Rick said...

Diesel cars make great sense. My family owned one for almost two decades. One of the important factors behind diesel cars is the fact that they LAST LONGER than gasoline engines. Much longer. It is not uncommon to see a diesel car with 200k miles on it. Over the life of the vehicle this more than makes up for the extra expenditure for the diesel engine. The fuel savings are just as good if not better than a hybrid, and a diesel will last years longer. The same arguments used for trucks can be used for cars as well.

The Auto Prophet said...


Of course, you are correct--if you keep a diesel car or HEV long enough, it will more than pay for itself.

However, the average American car owner keeps his car about 8 years. If you assume that the average owner drives 15k miles a year, the average mileage that people keep cars for is only 120,000 miles. And if that is the average, that means that about half of car owners trade their car in before 120K miles.

sh said...

Speaking of:

Biofuels may be hazardous to your car’s health
Experts warn of worn-out gaskets, long-term damage to vehicle engines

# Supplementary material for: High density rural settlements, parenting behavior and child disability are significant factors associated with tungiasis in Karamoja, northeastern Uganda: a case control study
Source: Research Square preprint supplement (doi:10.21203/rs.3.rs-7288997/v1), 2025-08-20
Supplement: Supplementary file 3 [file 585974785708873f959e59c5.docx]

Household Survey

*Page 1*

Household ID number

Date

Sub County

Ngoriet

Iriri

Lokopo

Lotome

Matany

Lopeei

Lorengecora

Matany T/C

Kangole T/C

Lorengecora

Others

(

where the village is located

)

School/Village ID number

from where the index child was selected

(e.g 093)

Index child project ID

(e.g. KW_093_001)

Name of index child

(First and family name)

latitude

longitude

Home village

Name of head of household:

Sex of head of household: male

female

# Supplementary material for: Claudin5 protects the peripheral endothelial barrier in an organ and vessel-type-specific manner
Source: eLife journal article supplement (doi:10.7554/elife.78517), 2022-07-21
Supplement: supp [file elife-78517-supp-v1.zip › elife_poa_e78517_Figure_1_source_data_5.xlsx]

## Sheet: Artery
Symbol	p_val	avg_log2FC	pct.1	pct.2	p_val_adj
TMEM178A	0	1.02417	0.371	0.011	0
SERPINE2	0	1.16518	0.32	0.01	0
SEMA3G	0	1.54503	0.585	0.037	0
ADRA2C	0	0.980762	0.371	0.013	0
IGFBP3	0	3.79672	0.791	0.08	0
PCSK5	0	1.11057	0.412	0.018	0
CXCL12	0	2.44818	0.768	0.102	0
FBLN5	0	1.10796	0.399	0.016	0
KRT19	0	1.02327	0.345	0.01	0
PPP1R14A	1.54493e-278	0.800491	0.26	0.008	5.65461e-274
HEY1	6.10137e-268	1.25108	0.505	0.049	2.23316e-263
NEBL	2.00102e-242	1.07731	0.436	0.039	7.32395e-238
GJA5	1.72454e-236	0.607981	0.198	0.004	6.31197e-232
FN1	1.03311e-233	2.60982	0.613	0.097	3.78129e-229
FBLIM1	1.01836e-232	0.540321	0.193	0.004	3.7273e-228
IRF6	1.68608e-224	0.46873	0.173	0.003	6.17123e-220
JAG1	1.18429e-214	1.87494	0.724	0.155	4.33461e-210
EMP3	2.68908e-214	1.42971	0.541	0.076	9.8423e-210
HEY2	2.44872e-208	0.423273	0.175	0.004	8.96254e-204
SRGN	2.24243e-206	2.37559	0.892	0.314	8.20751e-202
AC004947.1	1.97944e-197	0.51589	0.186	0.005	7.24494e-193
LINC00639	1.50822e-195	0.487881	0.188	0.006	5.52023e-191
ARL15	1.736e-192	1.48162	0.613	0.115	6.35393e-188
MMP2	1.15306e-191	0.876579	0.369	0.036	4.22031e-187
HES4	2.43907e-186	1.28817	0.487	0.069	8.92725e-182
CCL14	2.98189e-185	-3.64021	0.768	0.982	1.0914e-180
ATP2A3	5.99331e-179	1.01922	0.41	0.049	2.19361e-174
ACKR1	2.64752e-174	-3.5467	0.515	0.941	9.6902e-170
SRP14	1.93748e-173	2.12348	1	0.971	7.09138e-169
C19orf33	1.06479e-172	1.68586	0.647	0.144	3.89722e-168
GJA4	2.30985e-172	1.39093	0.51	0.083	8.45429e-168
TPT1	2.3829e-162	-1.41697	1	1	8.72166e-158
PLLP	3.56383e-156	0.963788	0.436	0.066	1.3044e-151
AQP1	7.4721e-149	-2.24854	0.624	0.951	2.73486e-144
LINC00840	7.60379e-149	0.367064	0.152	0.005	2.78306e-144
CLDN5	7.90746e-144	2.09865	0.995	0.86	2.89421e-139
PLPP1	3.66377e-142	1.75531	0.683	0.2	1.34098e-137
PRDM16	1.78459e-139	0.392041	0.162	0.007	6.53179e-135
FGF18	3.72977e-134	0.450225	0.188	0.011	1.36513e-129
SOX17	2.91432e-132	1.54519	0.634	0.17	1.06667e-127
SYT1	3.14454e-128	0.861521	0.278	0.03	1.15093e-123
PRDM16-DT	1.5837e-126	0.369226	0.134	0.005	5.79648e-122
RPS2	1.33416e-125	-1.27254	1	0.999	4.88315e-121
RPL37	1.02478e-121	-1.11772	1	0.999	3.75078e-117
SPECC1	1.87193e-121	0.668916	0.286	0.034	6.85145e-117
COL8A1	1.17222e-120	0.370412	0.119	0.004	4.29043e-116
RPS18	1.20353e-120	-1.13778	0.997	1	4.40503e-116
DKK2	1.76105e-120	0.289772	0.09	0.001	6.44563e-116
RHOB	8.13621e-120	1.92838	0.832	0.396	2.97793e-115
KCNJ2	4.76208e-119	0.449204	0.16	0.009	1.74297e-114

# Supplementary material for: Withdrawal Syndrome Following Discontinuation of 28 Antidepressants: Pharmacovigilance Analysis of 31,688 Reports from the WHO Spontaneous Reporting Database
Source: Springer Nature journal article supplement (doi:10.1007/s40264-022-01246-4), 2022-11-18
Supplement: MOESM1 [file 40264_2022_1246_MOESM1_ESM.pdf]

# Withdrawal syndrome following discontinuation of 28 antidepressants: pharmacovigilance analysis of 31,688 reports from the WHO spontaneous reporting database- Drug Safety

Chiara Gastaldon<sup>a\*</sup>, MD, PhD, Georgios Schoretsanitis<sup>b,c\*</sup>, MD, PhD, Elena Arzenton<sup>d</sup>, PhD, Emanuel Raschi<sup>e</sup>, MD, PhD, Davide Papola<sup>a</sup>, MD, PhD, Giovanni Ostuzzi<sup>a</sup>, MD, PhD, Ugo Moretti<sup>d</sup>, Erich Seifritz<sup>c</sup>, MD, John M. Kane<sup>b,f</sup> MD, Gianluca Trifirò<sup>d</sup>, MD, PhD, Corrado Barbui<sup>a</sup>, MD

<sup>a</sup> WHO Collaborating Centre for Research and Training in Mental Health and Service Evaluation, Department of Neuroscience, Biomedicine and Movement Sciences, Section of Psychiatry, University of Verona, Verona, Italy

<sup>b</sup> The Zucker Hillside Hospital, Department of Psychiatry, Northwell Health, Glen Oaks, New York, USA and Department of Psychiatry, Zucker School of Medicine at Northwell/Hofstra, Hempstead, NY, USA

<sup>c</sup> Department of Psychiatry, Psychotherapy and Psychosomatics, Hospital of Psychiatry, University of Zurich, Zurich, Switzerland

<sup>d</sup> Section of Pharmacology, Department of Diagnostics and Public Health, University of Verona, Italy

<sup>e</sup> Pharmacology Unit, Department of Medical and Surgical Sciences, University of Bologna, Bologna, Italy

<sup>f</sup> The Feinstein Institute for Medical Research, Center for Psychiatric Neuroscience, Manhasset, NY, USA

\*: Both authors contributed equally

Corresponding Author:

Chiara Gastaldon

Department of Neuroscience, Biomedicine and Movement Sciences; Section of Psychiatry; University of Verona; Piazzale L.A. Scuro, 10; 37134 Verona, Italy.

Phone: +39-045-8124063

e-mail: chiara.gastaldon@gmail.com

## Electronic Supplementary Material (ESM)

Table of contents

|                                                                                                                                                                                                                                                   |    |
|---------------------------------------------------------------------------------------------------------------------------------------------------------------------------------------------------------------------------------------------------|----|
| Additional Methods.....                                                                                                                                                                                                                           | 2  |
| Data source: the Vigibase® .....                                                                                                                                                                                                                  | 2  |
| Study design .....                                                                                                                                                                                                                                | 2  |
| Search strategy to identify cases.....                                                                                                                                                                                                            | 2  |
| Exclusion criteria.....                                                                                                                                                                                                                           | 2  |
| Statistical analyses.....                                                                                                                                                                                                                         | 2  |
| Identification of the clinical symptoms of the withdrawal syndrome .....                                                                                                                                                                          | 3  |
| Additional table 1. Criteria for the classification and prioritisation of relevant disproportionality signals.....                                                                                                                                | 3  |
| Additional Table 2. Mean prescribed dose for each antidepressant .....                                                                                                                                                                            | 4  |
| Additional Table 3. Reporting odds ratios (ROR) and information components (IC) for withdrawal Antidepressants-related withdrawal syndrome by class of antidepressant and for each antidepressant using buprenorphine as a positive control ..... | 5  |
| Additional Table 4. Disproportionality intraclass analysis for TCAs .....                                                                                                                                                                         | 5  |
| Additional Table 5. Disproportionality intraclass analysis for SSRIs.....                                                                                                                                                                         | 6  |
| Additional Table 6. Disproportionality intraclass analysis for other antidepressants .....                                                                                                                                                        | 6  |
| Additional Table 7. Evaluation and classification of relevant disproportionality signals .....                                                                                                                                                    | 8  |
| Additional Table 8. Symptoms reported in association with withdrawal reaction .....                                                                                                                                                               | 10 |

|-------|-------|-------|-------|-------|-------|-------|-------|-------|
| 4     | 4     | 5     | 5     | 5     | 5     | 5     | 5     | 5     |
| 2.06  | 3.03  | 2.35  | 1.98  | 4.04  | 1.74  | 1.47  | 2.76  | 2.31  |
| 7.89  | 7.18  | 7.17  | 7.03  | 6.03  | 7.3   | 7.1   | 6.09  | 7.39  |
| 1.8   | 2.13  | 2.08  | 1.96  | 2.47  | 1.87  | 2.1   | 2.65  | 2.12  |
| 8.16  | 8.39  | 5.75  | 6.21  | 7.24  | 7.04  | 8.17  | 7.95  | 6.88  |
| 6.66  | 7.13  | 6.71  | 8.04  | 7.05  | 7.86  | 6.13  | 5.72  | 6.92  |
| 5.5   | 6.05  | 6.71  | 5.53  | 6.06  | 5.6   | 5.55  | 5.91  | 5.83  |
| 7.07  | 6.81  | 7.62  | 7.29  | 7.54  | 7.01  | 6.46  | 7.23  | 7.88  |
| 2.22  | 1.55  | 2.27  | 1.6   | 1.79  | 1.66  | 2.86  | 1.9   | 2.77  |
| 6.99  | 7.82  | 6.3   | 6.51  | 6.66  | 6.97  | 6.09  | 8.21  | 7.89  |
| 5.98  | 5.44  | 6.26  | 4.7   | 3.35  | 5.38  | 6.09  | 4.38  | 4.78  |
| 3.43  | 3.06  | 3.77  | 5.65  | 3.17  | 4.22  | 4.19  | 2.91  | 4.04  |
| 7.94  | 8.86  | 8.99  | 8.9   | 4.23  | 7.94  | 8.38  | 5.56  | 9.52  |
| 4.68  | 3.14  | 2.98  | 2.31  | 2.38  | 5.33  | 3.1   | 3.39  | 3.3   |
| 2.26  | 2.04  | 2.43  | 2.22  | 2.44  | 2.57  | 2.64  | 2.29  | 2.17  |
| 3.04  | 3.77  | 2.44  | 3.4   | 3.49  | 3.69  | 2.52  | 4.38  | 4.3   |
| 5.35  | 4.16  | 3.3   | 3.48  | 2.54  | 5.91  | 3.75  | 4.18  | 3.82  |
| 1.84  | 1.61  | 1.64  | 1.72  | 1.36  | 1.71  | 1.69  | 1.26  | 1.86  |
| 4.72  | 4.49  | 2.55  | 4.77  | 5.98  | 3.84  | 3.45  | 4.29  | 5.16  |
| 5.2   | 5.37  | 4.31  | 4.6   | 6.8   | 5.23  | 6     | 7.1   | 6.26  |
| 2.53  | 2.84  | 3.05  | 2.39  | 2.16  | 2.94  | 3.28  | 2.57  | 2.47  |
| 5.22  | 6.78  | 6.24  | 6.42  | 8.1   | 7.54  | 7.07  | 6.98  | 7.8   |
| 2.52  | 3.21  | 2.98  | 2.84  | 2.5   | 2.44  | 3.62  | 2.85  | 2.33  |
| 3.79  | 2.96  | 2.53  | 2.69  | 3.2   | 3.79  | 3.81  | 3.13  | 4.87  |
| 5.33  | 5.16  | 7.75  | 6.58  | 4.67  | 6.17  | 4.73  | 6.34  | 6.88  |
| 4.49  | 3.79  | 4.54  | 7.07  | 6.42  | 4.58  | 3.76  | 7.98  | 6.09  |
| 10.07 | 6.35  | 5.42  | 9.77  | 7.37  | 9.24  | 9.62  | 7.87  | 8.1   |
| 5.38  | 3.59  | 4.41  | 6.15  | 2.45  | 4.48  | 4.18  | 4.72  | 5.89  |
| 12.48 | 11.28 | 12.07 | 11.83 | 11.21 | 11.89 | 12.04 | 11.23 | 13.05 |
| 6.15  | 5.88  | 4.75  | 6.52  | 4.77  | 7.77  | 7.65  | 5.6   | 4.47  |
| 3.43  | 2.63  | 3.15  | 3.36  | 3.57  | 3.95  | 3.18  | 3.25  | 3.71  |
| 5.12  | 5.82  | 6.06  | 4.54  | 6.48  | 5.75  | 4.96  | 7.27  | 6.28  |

But despite the obvious benefits of alternative fuels, car experts caution that there are some hidden drawbacks. A quick switch to E85 or biodiesel, if it is done without enough research and preparation, can cause more harm than good, these experts say. Specifically, an older car may suffer from worn-out gaskets, or lasting damage to a gasoline tank or a vehicle’s overall fuel system.

“It all comes down to lubrication, corrosiveness and viscosity,” said Stanley P. Miller of the Alternate Fuel Project Center. “You can get problems if you haven’t replaced parts of your vehicle that are not compatible with the new fuel you’re putting in your car.”

Anonymous said...

DCX just introduced a CRD Chrysler 300 at the Frankfurt Auto Show. It seems as though these engines offer value to those who do keep their cars up to 100,000 miles. (I do). Personally, I think that the minivan could benefit from a diesel engine. Just think, if DCX offered this new hight tech (Mercedes) 3.0L CRD in the Town & Country and Dodge Caravan, it would offer the torque that American drivers like and improve the fuel economy at the same time.